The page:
Billy Wilson would kill for a good story. Will he die for one?
The Original Review
Words, words, words! For writers, words are life. On a good day, words flow onto the page to create stories that move and inspire us. A well-written story can uplift and…um…hang on, I swear I had something for this. Dang, writing is tough.
Billy Wilson knows all too well the struggle with the blank page. Sitting on a park bench looking for inspiration in a bottle of booze, Billy has a serious case of writer’s block. As Billy ponders just how to come up with a truly unique story, along comes a proverbial spider: Vance Buttons. You see, Vance has a secret to share. He is a serial killer. A well-practiced, calculating, pre-meditated murderer. With half-drunk whimsy, Billy queries for a few specifics. How to choose a victim? Randomly. Geographic preference? Never the same place twice. Just when it seems Billy has found something new to write about, one more problem crops up. He is dealing with a killer after all. Will Vance put Billy out of the misery that is writer’s block, or put him out of his misery altogether? Is Billy writing the story, or is the story writing him?
Feature films dealing with the writing experience pack a potent, powerful punch. Some of film’s truly great screenwriters, from Charlie Kaufman to the Coens, have tackled the subject. Adaptation, Barton Fink, and Wonder Boys have all built reputations as favorites among both filmmakers and audiences. In this grand tradition, Writer’s Block succinctly taps into a subject that consistently garners accolades on the festival circuit and beyond. If you are looking for a film with an intelligent build to an unforgettable finale, I recommend you come down with a case of Writer’s Block.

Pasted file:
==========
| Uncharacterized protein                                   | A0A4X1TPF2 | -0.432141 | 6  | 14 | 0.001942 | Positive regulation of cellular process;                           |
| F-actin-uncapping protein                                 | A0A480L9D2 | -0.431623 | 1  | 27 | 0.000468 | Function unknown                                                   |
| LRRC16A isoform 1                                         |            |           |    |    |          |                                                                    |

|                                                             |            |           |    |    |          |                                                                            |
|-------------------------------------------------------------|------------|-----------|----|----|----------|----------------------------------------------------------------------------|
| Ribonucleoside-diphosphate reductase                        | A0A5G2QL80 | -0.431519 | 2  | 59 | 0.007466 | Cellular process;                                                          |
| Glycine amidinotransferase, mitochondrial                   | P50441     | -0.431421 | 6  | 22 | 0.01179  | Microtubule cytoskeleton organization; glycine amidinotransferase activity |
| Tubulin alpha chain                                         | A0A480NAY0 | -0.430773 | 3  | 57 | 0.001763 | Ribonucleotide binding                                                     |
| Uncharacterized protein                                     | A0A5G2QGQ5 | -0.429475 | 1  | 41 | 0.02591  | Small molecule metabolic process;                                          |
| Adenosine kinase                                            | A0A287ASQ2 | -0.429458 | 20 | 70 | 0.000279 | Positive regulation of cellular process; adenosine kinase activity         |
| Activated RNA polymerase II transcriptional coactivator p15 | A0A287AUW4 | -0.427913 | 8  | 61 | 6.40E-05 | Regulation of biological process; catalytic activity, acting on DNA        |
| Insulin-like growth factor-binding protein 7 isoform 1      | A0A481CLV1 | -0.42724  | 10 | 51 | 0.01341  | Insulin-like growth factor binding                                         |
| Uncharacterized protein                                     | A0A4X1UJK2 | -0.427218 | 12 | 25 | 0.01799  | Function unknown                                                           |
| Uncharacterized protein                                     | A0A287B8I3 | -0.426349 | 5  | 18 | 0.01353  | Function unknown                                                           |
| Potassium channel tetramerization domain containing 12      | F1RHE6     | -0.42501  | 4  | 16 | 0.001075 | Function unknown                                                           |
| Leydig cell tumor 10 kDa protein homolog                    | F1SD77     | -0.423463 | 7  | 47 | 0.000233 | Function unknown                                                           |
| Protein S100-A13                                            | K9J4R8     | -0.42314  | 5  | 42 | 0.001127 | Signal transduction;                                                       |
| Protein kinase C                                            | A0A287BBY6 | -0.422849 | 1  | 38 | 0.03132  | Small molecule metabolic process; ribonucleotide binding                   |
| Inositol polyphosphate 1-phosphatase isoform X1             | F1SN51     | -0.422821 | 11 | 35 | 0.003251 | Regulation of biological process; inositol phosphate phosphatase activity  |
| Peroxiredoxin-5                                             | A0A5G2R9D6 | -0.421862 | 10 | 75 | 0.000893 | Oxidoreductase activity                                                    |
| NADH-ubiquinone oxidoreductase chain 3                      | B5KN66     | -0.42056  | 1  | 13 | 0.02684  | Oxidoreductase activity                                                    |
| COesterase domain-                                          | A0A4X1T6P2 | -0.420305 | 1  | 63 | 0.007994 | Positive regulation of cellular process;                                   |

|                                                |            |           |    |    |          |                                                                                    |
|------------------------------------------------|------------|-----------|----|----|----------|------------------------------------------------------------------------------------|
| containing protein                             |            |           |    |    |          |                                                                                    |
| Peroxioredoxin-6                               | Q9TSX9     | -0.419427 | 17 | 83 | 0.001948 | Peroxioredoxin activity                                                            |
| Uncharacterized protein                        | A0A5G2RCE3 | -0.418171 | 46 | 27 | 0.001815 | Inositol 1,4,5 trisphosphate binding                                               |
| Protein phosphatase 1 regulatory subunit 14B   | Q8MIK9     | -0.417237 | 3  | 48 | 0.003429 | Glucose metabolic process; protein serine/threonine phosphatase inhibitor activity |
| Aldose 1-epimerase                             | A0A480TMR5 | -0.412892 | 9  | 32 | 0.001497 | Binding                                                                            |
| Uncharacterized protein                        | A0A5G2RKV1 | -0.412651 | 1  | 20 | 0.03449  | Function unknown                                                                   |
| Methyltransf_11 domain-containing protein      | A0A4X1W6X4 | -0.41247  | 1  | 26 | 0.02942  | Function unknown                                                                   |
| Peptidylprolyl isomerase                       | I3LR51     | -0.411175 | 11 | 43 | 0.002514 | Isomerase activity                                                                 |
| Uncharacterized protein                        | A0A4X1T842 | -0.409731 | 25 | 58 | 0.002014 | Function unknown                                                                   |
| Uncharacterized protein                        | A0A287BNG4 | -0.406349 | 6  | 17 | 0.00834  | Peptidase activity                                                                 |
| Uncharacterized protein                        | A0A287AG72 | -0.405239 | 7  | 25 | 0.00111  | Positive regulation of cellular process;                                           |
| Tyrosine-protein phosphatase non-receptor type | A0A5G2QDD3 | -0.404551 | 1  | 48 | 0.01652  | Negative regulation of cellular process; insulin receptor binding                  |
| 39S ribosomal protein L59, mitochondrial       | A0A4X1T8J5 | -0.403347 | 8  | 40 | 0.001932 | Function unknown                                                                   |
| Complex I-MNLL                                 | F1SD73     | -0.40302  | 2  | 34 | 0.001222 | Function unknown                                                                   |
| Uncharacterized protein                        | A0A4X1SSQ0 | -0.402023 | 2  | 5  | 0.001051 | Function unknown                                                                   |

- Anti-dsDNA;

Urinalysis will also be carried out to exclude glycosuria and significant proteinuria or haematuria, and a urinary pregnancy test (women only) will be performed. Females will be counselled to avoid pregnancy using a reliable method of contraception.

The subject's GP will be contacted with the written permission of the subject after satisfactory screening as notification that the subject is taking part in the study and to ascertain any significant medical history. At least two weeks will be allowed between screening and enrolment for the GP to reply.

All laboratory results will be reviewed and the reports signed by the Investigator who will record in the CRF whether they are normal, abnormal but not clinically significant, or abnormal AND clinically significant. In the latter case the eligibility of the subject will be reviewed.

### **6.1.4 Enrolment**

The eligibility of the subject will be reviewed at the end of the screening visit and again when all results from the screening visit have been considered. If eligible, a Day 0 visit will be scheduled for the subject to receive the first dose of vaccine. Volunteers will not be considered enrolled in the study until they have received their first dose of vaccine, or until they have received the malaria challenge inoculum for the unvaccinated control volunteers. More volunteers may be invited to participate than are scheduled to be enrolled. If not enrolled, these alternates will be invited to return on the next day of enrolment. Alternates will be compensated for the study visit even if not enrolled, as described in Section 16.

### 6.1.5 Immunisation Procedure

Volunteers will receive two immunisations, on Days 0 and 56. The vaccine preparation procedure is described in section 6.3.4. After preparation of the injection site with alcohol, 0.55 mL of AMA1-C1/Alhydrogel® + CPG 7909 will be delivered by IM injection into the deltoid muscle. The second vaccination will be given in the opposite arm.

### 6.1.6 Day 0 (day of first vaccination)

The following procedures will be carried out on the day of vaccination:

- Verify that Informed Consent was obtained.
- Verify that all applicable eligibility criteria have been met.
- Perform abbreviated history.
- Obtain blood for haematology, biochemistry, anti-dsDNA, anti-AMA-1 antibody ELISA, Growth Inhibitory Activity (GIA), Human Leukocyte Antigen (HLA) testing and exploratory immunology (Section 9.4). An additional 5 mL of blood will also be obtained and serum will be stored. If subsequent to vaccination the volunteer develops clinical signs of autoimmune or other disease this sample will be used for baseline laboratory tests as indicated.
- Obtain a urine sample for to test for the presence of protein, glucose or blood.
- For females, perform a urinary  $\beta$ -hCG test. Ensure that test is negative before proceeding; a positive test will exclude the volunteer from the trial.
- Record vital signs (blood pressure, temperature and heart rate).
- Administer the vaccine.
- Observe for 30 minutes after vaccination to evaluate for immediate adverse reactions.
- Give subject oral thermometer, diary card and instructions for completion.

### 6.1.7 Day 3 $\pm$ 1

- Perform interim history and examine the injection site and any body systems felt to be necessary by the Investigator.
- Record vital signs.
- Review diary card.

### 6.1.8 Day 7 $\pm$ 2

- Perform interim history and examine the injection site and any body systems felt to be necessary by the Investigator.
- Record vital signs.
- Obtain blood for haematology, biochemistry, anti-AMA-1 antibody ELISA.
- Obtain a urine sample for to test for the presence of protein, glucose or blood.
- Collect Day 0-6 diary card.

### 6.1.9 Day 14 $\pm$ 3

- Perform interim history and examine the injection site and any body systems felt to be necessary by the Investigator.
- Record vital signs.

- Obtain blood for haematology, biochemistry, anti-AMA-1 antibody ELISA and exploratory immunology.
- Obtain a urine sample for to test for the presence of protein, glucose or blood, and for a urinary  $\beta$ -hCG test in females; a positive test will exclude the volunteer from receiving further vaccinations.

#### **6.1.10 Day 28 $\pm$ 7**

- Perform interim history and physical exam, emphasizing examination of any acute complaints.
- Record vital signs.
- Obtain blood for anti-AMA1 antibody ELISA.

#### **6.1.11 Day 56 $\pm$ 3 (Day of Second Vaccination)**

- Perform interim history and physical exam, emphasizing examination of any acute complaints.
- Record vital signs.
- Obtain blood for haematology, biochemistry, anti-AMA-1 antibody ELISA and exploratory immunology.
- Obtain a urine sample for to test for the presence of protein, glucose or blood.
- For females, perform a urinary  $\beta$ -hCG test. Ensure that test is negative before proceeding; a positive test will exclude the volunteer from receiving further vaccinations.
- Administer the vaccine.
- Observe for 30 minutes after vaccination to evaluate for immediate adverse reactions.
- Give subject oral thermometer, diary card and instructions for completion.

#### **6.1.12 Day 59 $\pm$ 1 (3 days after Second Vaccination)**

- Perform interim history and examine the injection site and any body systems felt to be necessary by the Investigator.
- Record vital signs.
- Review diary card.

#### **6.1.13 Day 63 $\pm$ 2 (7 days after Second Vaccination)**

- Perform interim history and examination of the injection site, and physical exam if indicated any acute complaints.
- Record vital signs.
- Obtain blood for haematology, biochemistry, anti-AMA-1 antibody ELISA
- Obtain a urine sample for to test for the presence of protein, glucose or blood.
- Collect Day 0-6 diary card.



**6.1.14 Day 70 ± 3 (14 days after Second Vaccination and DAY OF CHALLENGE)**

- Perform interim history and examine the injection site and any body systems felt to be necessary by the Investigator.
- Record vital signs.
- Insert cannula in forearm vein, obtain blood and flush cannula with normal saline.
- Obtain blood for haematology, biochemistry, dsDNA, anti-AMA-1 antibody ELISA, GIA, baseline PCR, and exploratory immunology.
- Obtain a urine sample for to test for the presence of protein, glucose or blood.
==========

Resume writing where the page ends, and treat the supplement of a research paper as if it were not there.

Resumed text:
Quickly, before the killer strikes again!
Budget: Low. Assuming you can find a park bench, that is.
About the writer, John Hunter: With the completion of (4) boffo features, a litter of riveting shorts, a one hour take-your-breath-away sci-fi TV pilot and first 30 minute episode for that series, I am now officially THAT guy — The one who really needs an Agent or Executive Producer. Contact me at x32792 (AT) yahoo.com
About the Reviewer: Dane Whipple is the man who fixed the 1919 World Series. How did he manage that? Saw the opportunity, I suppose. He is currently working on that screenplay everybody keeps talking about: The Wild Age. Contact him at dane.whipple (AT) live.com
Read Writer’s Block (pdf format)
Find more scripts available for production
This screenplay may not be used or reproduced for any purpose including educational purposes without the expressed written permission of the author.